Brotherly Build – Fabbris Moto Honda CB750
Michele and his brother Marco launched their workshop, Fabbris Moto, in 2007. The pair share a passion for both race bikes and classic motorcycles. This, of course, means the brothers have a penchant for building cafe racers and their latest project follows suit. Based on a ’92 Honda CB750 the UJM has been given the full cafe treatment for a close friend and customer. “Luca asked me for a custom build that wasn’t too extreme,” recalls Michele. “I know the seven-fifty platform well because I started my career as a Honda technician. At first, he wasn’t convinced he liked the shape of the standard bike, but after I showed him some sketches he accepted my proposal”.
Riding Gear – 2020 Triumph t-shirts & apparel
Since John Bloor resurrected Triumph Motorcycles in 1983 it’s been nothing but success after success. Triumph has, of course, been around for much longer than the eighties. In fact, the British manufacturer emerged almost 100 years before Bloor entered the pictured making it one of the world’s oldest motorcycle brands still in existence. Whether you’re a diehard devotee or simply an admirer of the British marque the new 2020 range of Triumph t-shirts and apparel is sure to appeal.
Jim’s Goldie – BSA GoldStar Clubman
Most custom motorcycles projects are based on a pretty common donor bike. I have done many myself where the donor was knackered and there were thousands of them around. No one will notice if another generic Honda or BMW goes missing; plus they’re cheap. When I decided to do something a bit different, I thought why not take an iconic British bike and revamp it with a few cafe racer cues here and there. The bike I had in mind for the project was a 500cc BSA Goldstar Clubman.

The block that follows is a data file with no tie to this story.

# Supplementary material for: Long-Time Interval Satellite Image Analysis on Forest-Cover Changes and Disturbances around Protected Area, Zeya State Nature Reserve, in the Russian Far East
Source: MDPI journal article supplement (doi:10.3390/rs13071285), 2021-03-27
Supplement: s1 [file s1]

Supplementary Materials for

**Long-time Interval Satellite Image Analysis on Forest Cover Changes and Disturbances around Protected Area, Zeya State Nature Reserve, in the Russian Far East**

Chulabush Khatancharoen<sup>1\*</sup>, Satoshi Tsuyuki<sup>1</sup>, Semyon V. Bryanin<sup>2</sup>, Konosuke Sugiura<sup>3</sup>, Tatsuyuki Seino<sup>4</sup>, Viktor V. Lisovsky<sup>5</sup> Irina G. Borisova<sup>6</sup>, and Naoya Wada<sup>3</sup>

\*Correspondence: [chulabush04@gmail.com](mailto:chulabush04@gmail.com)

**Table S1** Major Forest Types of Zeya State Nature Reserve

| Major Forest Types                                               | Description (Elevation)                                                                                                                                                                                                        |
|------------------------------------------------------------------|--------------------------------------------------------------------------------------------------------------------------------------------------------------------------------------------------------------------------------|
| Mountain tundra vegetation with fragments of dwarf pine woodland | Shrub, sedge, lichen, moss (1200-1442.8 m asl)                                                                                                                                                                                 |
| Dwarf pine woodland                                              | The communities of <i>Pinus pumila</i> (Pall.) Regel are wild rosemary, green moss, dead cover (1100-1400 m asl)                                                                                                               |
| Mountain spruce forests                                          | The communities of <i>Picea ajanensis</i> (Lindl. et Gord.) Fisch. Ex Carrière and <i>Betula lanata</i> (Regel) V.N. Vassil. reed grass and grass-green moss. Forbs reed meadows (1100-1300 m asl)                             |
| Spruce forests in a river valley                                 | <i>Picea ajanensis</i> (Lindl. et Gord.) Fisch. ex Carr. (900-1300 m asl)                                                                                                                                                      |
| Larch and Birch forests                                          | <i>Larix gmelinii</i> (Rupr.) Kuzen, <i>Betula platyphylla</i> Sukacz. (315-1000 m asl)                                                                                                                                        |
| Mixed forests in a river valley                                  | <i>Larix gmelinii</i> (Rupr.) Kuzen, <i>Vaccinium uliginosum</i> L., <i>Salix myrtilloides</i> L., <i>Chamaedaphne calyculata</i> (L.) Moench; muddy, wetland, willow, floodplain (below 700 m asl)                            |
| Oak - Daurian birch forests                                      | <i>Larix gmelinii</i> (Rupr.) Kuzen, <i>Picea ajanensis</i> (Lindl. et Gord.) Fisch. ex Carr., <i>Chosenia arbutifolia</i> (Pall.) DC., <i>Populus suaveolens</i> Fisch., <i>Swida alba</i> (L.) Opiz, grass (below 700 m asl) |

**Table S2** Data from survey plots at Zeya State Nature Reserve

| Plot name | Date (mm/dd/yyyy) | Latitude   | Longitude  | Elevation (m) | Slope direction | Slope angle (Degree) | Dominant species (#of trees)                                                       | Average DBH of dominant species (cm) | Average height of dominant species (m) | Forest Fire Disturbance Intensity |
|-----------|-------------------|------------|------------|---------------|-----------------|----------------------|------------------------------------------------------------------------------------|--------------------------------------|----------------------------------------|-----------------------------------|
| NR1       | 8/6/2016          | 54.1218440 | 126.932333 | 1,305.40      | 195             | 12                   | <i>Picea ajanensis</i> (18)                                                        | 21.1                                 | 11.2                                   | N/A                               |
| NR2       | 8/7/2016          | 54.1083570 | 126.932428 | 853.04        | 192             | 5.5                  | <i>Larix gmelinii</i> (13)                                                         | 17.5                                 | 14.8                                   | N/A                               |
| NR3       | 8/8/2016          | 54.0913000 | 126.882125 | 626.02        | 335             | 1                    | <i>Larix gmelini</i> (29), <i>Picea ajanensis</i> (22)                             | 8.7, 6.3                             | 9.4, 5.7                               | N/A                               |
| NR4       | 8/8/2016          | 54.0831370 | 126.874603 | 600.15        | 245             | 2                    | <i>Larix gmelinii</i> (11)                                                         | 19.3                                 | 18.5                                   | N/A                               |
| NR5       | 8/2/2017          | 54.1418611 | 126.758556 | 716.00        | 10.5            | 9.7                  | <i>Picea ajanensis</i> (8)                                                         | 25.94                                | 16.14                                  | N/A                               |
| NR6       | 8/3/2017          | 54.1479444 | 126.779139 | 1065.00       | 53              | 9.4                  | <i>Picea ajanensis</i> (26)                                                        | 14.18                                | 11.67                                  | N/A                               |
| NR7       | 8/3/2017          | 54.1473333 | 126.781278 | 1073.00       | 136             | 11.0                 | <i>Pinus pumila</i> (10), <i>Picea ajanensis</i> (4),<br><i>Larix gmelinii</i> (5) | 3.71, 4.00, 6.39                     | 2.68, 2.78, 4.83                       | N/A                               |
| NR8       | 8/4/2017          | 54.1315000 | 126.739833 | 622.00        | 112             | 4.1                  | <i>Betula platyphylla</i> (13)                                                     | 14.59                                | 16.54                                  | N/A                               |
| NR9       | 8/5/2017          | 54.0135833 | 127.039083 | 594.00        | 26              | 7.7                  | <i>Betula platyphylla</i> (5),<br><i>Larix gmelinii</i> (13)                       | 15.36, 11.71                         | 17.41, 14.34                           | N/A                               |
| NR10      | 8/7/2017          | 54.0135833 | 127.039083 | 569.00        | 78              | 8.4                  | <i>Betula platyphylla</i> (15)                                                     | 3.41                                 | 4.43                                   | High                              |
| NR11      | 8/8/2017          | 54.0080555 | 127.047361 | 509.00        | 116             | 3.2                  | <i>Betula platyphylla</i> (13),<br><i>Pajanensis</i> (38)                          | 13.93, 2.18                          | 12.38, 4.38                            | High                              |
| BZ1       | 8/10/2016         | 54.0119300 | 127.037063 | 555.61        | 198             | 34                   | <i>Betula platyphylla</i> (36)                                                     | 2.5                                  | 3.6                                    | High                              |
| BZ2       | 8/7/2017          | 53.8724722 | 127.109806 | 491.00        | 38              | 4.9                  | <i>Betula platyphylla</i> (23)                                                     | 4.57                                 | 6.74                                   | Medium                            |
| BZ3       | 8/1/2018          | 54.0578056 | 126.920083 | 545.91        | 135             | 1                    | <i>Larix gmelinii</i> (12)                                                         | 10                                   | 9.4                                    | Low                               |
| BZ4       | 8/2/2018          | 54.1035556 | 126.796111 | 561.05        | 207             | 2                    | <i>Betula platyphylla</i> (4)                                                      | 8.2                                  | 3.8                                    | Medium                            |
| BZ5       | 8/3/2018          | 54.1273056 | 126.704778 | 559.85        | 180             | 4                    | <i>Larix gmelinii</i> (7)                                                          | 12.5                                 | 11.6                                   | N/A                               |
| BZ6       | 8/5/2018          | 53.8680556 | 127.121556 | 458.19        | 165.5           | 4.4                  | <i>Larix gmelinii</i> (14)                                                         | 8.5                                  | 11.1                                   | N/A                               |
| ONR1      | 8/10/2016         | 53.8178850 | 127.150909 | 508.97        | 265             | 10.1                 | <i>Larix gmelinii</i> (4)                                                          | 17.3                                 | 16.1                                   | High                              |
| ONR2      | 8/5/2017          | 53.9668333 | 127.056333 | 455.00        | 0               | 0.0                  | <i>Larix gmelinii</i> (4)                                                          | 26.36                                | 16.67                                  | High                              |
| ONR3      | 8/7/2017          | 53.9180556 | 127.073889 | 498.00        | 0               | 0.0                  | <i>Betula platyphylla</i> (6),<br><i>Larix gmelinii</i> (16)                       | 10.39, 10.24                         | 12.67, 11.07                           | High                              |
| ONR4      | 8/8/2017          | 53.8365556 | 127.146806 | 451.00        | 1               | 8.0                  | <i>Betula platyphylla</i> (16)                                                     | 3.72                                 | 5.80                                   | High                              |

Riding Gear – Shoei Glamster Helmet
There’s been a steady growth in the number of retro motorcycle helmets on the market over the past few years. And now for 2020 two big names in the industry have come to the party. Arai has unveiled their Concept X, also known as the Rapide Neo in Japan, and then there’s this helmet, the rather oddly named, Shoei Glamster. I don’t envy any marketing team tasked with naming a new product. But the individual who signed off on calling this helmet the “GLAMSTER” should reconsider his career choices. Imagine, if you will, sitting on your bike when a fellow motorcyclist pulls up and asks ‘What helmet is that?” and then trying to tell them “It’s a Glamster” without feeling completely emasculated. Lucking, the Glamster has another name printed boldly across its surface that makes up for this. That name is, of course, Shoei.
Bob the Boosted – Mr Martini Triumph Legend TT
Nicola Martini, aka Mr Martini, aka the Mad Hatter, is an Italian custom bike builder, restauranteur and retailer. The self-proclaimed dreamer embraces individuality and has earnt himself a reputation for building motorcycles that push boundaries and raise eyebrows. This Triumph Legend TT project gave Martini the chance to try something a little different. Rather the street going machines he builds for customers the TT was a personal project with one clear goal in mind. Going stupidly fast!
Riding gear – Rev’it! Bastille Gloves